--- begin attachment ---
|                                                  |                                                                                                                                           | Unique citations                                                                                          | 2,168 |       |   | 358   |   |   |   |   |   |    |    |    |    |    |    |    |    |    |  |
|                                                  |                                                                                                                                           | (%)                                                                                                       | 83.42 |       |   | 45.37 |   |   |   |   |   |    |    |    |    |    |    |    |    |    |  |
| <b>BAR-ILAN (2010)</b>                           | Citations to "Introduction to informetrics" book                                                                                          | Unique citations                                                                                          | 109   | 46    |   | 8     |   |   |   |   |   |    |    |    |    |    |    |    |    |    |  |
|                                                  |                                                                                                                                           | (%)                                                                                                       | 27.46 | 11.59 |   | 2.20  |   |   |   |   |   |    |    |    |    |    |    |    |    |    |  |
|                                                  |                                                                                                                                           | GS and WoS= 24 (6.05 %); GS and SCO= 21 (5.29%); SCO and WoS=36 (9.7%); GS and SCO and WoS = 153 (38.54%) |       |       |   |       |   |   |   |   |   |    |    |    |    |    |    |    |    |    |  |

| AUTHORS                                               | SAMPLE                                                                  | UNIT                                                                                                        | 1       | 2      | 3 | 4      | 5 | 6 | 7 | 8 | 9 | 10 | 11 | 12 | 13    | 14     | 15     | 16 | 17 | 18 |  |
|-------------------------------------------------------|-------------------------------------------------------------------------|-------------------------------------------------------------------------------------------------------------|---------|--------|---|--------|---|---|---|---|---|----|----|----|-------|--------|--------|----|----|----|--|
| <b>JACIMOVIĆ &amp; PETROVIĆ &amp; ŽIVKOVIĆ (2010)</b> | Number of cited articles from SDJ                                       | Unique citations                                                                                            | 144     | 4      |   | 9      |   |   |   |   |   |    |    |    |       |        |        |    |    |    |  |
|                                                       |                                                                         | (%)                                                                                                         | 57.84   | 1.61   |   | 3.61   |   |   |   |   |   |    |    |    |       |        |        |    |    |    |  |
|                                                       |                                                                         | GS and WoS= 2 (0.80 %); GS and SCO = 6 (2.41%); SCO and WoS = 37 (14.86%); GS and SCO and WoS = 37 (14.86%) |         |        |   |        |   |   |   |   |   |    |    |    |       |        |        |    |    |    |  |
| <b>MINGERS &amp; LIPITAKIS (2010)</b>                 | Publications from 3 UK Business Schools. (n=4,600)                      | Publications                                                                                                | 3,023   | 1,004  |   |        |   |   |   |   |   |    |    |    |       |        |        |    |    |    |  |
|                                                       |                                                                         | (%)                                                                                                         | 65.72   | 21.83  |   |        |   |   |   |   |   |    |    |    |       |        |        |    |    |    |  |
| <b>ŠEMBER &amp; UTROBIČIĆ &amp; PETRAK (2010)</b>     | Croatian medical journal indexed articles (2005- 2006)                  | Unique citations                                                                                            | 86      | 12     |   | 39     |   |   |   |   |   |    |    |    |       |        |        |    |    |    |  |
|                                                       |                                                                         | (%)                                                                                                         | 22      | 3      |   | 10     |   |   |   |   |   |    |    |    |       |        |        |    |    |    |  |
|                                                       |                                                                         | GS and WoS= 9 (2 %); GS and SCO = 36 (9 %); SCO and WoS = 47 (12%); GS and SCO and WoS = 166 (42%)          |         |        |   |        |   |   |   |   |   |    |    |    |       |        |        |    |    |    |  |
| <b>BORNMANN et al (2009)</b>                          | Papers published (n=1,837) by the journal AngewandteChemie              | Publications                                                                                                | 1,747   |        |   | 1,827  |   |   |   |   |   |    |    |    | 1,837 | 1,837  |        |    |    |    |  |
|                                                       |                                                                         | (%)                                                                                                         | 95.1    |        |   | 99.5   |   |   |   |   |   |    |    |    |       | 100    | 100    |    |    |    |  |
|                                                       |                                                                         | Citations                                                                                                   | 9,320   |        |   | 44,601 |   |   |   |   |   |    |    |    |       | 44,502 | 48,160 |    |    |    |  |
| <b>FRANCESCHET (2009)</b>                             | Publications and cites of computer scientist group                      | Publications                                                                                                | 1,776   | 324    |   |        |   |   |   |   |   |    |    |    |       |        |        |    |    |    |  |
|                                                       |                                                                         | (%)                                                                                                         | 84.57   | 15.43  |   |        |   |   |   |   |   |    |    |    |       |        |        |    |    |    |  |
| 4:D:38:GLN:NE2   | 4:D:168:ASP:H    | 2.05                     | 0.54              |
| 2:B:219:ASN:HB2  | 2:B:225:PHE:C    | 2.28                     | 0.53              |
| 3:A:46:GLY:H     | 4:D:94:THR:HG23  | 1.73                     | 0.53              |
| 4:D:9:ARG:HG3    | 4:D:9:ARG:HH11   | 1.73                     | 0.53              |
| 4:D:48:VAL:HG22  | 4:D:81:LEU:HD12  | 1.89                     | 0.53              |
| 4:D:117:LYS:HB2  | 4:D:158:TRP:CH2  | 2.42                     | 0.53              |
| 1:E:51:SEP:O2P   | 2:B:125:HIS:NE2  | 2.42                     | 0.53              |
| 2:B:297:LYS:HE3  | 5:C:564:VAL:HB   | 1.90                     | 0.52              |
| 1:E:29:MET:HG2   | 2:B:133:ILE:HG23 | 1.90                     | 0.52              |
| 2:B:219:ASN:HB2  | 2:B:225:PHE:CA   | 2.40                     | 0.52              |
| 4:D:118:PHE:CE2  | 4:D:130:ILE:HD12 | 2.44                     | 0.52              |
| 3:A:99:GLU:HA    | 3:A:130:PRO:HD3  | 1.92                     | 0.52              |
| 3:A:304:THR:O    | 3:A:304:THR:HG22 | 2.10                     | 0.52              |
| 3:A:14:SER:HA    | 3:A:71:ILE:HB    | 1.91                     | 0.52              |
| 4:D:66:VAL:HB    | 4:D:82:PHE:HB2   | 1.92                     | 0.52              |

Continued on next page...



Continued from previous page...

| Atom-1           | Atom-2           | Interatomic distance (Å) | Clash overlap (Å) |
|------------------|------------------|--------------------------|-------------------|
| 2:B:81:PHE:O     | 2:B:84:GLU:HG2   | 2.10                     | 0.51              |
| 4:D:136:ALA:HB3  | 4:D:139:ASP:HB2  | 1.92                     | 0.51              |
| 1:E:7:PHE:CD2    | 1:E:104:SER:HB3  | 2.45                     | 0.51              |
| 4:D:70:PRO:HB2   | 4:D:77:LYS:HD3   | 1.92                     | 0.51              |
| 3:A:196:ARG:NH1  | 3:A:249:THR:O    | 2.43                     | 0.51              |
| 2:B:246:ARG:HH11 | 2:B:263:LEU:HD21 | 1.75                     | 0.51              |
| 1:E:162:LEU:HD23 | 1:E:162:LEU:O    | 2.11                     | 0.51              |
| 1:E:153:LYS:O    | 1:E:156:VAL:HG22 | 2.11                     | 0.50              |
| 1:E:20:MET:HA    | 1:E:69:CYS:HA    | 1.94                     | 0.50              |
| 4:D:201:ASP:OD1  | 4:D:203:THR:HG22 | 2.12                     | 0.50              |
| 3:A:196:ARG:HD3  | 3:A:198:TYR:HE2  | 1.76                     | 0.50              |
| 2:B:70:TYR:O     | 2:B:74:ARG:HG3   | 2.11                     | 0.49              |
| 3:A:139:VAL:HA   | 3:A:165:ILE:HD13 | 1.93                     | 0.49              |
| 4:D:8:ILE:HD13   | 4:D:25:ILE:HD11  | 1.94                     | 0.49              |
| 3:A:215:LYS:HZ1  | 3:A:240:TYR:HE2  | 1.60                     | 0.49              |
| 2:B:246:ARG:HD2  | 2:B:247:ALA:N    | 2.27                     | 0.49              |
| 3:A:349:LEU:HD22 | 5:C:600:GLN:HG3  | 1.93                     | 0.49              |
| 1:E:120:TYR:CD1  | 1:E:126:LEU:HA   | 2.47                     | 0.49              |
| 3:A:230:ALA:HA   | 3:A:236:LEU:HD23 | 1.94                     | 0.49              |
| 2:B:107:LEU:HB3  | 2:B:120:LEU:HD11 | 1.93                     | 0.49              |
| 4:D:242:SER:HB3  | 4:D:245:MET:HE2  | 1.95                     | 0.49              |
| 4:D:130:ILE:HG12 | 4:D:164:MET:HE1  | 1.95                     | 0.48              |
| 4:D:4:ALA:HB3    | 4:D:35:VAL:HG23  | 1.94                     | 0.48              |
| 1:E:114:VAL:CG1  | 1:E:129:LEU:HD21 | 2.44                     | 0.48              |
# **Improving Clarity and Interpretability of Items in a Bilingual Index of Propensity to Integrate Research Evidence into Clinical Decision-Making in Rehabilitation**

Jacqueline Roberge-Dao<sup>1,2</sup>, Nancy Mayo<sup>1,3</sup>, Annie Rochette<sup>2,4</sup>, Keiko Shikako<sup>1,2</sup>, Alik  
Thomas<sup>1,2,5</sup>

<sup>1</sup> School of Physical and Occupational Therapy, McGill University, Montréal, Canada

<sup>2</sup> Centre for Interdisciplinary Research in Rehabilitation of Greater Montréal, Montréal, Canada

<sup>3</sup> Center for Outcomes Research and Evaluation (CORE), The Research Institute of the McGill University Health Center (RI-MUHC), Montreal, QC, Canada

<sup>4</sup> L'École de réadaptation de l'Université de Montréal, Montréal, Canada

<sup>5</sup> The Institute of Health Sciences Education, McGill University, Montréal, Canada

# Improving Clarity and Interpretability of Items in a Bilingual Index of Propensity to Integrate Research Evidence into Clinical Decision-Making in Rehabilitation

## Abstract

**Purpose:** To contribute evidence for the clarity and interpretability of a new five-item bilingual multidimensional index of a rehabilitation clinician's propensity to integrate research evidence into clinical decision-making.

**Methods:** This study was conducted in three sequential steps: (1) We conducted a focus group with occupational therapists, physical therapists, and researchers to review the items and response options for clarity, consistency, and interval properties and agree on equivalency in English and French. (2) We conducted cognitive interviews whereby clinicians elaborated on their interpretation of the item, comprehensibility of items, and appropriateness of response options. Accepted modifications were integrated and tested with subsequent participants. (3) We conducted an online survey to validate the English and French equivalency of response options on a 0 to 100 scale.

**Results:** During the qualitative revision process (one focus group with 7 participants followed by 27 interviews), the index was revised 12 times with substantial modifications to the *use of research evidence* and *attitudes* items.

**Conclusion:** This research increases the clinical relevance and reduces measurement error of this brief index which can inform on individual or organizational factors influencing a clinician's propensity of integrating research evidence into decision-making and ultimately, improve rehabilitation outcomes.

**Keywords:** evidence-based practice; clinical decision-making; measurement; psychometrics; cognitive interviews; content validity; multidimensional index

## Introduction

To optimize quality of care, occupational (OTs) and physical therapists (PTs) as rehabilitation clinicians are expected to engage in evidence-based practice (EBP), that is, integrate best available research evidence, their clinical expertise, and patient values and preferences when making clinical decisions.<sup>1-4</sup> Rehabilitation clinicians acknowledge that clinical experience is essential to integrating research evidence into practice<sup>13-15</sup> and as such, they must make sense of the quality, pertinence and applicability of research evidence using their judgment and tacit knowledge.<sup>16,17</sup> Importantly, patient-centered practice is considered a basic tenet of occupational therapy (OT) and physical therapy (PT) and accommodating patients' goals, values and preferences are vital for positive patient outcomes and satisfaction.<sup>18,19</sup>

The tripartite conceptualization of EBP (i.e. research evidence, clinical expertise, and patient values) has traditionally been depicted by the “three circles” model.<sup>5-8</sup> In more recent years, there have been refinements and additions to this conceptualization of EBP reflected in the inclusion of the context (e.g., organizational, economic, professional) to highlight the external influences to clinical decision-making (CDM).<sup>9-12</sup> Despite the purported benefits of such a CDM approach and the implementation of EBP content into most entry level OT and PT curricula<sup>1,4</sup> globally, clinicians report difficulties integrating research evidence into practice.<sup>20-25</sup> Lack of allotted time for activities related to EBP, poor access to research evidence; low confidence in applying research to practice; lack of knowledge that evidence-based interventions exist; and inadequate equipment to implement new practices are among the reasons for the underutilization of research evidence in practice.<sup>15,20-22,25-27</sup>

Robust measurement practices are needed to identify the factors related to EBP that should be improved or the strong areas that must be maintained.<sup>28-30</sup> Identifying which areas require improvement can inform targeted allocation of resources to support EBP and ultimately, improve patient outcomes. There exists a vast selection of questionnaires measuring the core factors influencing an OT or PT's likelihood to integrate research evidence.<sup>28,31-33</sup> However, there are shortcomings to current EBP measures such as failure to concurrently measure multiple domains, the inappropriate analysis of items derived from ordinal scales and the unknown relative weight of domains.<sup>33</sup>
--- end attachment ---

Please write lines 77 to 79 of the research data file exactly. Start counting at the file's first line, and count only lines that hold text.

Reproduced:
**Conclusion:** This research increases the clinical relevance and reduces measurement error of this brief index which can inform on individual or organizational factors influencing a clinician's propensity of integrating research evidence into decision-making and ultimately, improve rehabilitation outcomes.

**Keywords:** evidence-based practice; clinical decision-making; measurement; psychometrics; cognitive interviews; content validity; multidimensional index

## Introduction